Skip to content

ABAP Keyword Documentation →  ABAP - Reference →  Processing External Data →  ABAP Database Accesses →  Open SQL →  Open SQL - Overview 

Open SQL - SAP Buffering

When a database table or a database view is accessed using Open SQL, SAP buffering is active by default if it is defined in ABAP Dictionary for the database table or view. SAP buffering buffers data from database tables or database views defined in ABAP Dictionary in a table buffer in the shared memory of the current application server. The definition determines whether and how a database table or database view is buffered. Using buffering generally produces much improved performance (by factors of between 50 and 500), since the data does not need to be transported between the application server and the database server each time and because processes do not need to be switched.

SAP buffering is applied by the database interface when buffered tables or views are accessed using Open SQL statements. If a program uses Open SQL to read data in a buffered table or view, the table or view is accessed using the SAP buffer (with some exceptions). To do this, the database interface determines whether this data is in the SAP buffer of the current applications server. If this is the case, the data is read directly from the buffer. If the data is not in the buffer of the application server, the data is read from the database and loaded into the buffer. This means the data can accessed from the buffer next time. Writes cause the buffer to be synchronized asynchronously.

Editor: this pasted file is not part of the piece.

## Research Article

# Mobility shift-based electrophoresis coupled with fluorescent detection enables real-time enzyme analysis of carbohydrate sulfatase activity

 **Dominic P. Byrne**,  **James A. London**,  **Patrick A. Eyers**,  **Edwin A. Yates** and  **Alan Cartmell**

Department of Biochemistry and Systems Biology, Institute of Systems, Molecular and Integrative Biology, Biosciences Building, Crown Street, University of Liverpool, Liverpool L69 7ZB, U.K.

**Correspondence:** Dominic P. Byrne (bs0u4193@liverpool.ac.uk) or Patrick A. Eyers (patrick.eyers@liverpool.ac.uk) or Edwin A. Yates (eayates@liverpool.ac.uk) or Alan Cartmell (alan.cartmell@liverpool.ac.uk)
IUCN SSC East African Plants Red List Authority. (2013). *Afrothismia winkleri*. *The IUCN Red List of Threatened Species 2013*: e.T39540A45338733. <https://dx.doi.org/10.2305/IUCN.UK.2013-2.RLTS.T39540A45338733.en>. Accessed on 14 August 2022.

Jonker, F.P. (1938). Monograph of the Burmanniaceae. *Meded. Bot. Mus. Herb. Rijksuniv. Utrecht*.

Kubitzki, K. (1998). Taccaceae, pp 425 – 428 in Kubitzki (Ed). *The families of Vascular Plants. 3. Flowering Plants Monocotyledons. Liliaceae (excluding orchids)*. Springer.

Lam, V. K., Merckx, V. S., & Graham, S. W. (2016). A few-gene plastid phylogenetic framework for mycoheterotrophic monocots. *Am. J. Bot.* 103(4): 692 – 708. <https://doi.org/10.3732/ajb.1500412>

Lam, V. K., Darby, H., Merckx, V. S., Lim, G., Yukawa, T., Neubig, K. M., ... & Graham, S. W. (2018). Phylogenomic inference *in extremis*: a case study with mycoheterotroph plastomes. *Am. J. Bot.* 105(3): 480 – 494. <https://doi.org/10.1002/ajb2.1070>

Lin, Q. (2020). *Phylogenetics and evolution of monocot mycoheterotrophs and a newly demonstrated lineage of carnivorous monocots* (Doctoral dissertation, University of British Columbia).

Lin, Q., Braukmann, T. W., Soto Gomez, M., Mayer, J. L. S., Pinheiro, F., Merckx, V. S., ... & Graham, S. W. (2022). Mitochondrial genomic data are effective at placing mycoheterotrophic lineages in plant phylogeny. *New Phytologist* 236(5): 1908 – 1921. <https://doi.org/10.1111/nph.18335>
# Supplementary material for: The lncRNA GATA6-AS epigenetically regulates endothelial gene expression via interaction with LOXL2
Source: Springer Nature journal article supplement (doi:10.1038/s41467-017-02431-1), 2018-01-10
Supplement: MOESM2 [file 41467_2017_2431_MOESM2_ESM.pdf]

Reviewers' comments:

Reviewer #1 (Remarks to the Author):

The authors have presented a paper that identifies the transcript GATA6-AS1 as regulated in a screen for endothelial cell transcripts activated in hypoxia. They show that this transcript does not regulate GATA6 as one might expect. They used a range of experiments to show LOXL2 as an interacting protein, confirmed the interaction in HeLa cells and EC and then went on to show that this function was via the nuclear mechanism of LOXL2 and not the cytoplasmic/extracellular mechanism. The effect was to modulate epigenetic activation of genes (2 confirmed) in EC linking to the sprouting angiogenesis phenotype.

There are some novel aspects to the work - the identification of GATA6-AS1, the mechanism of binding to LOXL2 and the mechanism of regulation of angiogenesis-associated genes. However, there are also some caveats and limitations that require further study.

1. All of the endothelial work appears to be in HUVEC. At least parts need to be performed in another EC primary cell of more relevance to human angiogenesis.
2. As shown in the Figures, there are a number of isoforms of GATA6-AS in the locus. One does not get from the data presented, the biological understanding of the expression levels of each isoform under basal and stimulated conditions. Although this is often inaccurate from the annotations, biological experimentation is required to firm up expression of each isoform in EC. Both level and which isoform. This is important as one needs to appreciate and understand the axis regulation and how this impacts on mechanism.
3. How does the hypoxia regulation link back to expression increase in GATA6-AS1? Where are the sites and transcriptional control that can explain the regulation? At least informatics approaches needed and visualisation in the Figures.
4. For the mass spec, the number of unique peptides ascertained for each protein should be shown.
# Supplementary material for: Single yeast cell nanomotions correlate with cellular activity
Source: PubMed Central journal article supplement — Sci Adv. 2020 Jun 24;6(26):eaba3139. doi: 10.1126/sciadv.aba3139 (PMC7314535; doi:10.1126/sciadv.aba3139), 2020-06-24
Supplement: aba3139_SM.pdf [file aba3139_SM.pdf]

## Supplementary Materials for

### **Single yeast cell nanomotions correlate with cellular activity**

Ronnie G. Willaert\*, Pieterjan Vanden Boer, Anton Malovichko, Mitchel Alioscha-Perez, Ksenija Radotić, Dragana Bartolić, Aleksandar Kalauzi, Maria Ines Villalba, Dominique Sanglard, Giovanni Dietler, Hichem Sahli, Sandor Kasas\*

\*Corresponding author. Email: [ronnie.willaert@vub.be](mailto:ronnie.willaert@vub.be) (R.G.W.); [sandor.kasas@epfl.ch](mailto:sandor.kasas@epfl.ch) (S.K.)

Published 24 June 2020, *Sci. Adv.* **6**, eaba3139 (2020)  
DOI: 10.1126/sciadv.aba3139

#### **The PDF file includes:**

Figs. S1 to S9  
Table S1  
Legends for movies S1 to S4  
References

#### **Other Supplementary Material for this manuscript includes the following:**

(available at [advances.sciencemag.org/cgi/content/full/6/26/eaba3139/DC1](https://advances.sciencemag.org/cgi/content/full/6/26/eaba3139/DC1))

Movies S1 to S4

The buffering type defines which records are loaded to the buffer when accessed. There are also, however, variants of Open SQL statements that cannot be executed using the SAP buffer and which therefore bypass SAP buffering. Native SQL access is applied to the database directly and therefore always bypasses SAP buffering.

Other versions: 7.31 | 7.40 | 7.54


  • Typical candidates for buffering are customizing tables and system tables. In certain cases, customizing-like tables with master data can also be buffered. If it is vital that current data is accessed from a buffered table, the addition BYPASSING BUFFER of the statement SELECT can be used. If this addition is used a lot, the table should be checked for its suitability for buffering or whether the current data is really always required.

  • Buffering is not recommended for tables in the following cases:

  • Many writes are performed on the tables. If more than one percent of the accesses are writes, buffering should be avoided. If not, the extra work caused by synchronization could outweigh the benefits of buffering.

  • Tables or views that can also be accessed using Native SQL should not be buffered. If Native SQL statements modify data in buffered tables or views, this is ignored by the database interface and the buffers are not synchronized accordingly. This can cause inconsistencies between the data in the buffers and on the database.

  • A self-defined buffering of formatted data in the shared memory can be produced using shared objects.


SAP Buffer - Buffering Types

SAP Buffer - Buffer Synchronization

SAP Buffer - Buffer Management

SAP Buffer - Restrictions